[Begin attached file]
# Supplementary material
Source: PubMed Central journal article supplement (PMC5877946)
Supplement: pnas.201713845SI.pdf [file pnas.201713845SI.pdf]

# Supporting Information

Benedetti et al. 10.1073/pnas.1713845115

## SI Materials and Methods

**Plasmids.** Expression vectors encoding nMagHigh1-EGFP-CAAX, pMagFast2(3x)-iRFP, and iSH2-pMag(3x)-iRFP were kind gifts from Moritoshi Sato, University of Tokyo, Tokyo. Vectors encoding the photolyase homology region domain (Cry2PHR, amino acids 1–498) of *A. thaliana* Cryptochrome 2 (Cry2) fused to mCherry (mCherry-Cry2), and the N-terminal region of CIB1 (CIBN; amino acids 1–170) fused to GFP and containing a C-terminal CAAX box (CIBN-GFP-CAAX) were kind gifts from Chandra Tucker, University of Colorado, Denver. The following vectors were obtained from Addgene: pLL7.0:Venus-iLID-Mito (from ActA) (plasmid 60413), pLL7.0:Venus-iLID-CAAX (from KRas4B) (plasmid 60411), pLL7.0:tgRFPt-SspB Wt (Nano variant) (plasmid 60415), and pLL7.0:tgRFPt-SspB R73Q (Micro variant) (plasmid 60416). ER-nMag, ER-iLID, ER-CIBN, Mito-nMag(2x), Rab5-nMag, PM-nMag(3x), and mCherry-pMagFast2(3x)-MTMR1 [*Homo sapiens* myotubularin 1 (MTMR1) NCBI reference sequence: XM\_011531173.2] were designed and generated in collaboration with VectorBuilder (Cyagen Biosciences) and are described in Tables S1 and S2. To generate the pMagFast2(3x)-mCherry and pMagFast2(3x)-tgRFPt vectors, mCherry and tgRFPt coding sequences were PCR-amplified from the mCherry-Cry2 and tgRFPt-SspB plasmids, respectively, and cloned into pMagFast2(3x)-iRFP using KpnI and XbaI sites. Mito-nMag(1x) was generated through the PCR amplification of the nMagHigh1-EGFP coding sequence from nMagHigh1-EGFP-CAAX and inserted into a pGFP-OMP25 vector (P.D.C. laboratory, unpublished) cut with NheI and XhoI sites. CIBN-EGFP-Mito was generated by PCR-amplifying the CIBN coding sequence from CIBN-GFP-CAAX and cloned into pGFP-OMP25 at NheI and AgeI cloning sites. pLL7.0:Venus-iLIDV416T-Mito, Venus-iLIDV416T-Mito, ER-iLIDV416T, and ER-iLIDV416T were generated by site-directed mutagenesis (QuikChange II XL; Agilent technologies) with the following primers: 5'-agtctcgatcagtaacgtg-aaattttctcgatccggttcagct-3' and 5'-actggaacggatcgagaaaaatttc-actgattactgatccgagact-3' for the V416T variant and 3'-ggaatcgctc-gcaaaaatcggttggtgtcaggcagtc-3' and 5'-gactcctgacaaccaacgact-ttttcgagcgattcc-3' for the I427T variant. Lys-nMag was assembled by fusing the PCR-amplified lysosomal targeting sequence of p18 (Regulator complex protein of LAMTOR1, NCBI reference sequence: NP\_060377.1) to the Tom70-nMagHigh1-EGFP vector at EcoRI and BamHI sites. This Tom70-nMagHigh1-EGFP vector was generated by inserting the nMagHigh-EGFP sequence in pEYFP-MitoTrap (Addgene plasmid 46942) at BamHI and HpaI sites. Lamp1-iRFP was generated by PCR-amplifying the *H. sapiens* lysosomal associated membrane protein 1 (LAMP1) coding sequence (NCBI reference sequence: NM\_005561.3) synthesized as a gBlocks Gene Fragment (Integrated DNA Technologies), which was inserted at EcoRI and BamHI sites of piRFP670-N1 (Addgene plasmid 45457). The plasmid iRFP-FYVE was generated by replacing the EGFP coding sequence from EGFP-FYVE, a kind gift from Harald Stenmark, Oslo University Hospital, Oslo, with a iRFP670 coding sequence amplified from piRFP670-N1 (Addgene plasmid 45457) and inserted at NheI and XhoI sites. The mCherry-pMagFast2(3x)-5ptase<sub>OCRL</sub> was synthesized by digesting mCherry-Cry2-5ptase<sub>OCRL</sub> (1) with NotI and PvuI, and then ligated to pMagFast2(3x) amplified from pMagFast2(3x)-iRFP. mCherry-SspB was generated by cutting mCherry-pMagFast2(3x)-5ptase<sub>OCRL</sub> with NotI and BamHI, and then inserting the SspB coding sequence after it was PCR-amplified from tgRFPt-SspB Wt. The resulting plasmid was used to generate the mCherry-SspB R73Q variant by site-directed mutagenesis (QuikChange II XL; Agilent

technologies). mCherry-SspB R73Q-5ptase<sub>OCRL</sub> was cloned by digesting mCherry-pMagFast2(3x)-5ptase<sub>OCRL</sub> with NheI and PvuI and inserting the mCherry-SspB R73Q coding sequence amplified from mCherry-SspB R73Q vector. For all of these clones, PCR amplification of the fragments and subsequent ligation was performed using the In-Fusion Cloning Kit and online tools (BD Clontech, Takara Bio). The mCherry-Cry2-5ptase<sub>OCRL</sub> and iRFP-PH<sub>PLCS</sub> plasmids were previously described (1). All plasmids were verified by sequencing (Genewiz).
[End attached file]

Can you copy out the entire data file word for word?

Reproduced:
# Supplementary material
Source: PubMed Central journal article supplement (PMC5877946)
Supplement: pnas.201713845SI.pdf [file pnas.201713845SI.pdf]

# Supporting Information

Benedetti et al. 10.1073/pnas.1713845115

## SI Materials and Methods

**Plasmids.** Expression vectors encoding nMagHigh1-EGFP-CAAX, pMagFast2(3x)-iRFP, and iSH2-pMag(3x)-iRFP were kind gifts from Moritoshi Sato, University of Tokyo, Tokyo. Vectors encoding the photolyase homology region domain (Cry2PHR, amino acids 1–498) of *A. thaliana* Cryptochrome 2 (Cry2) fused to mCherry (mCherry-Cry2), and the N-terminal region of CIB1 (CIBN; amino acids 1–170) fused to GFP and containing a C-terminal CAAX box (CIBN-GFP-CAAX) were kind gifts from Chandra Tucker, University of Colorado, Denver. The following vectors were obtained from Addgene: pLL7.0:Venus-iLID-Mito (from ActA) (plasmid 60413), pLL7.0:Venus-iLID-CAAX (from KRas4B) (plasmid 60411), pLL7.0:tgRFPt-SspB Wt (Nano variant) (plasmid 60415), and pLL7.0:tgRFPt-SspB R73Q (Micro variant) (plasmid 60416). ER-nMag, ER-iLID, ER-CIBN, Mito-nMag(2x), Rab5-nMag, PM-nMag(3x), and mCherry-pMagFast2(3x)-MTMR1 [*Homo sapiens* myotubularin 1 (MTMR1) NCBI reference sequence: XM\_011531173.2] were designed and generated in collaboration with VectorBuilder (Cyagen Biosciences) and are described in Tables S1 and S2. To generate the pMagFast2(3x)-mCherry and pMagFast2(3x)-tgRFPt vectors, mCherry and tgRFPt coding sequences were PCR-amplified from the mCherry-Cry2 and tgRFPt-SspB plasmids, respectively, and cloned into pMagFast2(3x)-iRFP using KpnI and XbaI sites. Mito-nMag(1x) was generated through the PCR amplification of the nMagHigh1-EGFP coding sequence from nMagHigh1-EGFP-CAAX and inserted into a pGFP-OMP25 vector (P.D.C. laboratory, unpublished) cut with NheI and XhoI sites. CIBN-EGFP-Mito was generated by PCR-amplifying the CIBN coding sequence from CIBN-GFP-CAAX and cloned into pGFP-OMP25 at NheI and AgeI cloning sites. pLL7.0:Venus-iLIDV416T-Mito, Venus-iLIDV416T-Mito, ER-iLIDV416T, and ER-iLIDV416T were generated by site-directed mutagenesis (QuikChange II XL; Agilent technologies) with the following primers: 5'-agtctcgatcagtaacgtg-aaattttctcgatccggttcagct-3' and 5'-actggaacggatcgagaaaaatttc-actgattactgatccgagact-3' for the V416T variant and 3'-ggaatcgctc-gcaaaaatcggttggtgtcaggcagtc-3' and 5'-gactcctgacaaccaacgact-ttttcgagcgattcc-3' for the I427T variant. Lys-nMag was assembled by fusing the PCR-amplified lysosomal targeting sequence of p18 (Regulator complex protein of LAMTOR1, NCBI reference sequence: NP\_060377.1) to the Tom70-nMagHigh1-EGFP vector at EcoRI and BamHI sites. This Tom70-nMagHigh1-EGFP vector was generated by inserting the nMagHigh-EGFP sequence in pEYFP-MitoTrap (Addgene plasmid 46942) at BamHI and HpaI sites. Lamp1-iRFP was generated by PCR-amplifying the *H. sapiens* lysosomal associated membrane protein 1 (LAMP1) coding sequence (NCBI reference sequence: NM\_005561.3) synthesized as a gBlocks Gene Fragment (Integrated DNA Technologies), which was inserted at EcoRI and BamHI sites of piRFP670-N1 (Addgene plasmid 45457). The plasmid iRFP-FYVE was generated by replacing the EGFP coding sequence from EGFP-FYVE, a kind gift from Harald Stenmark, Oslo University Hospital, Oslo, with a iRFP670 coding sequence amplified from piRFP670-N1 (Addgene plasmid 45457) and inserted at NheI and XhoI sites. The mCherry-pMagFast2(3x)-5ptase<sub>OCRL</sub> was synthesized by digesting mCherry-Cry2-5ptase<sub>OCRL</sub> (1) with NotI and PvuI, and then ligated to pMagFast2(3x) amplified from pMagFast2(3x)-iRFP. mCherry-SspB was generated by cutting mCherry-pMagFast2(3x)-5ptase<sub>OCRL</sub> with NotI and BamHI, and then inserting the SspB coding sequence after it was PCR-amplified from tgRFPt-SspB Wt. The resulting plasmid was used to generate the mCherry-SspB R73Q variant by site-directed mutagenesis (QuikChange II XL; Agilent

technologies). mCherry-SspB R73Q-5ptase<sub>OCRL</sub> was cloned by digesting mCherry-pMagFast2(3x)-5ptase<sub>OCRL</sub> with NheI and PvuI and inserting the mCherry-SspB R73Q coding sequence amplified from mCherry-SspB R73Q vector. For all of these clones, PCR amplification of the fragments and subsequent ligation was performed using the In-Fusion Cloning Kit and online tools (BD Clontech, Takara Bio). The mCherry-Cry2-5ptase<sub>OCRL</sub> and iRFP-PH<sub>PLCS</sub> plasmids were previously described (1). All plasmids were verified by sequencing (Genewiz).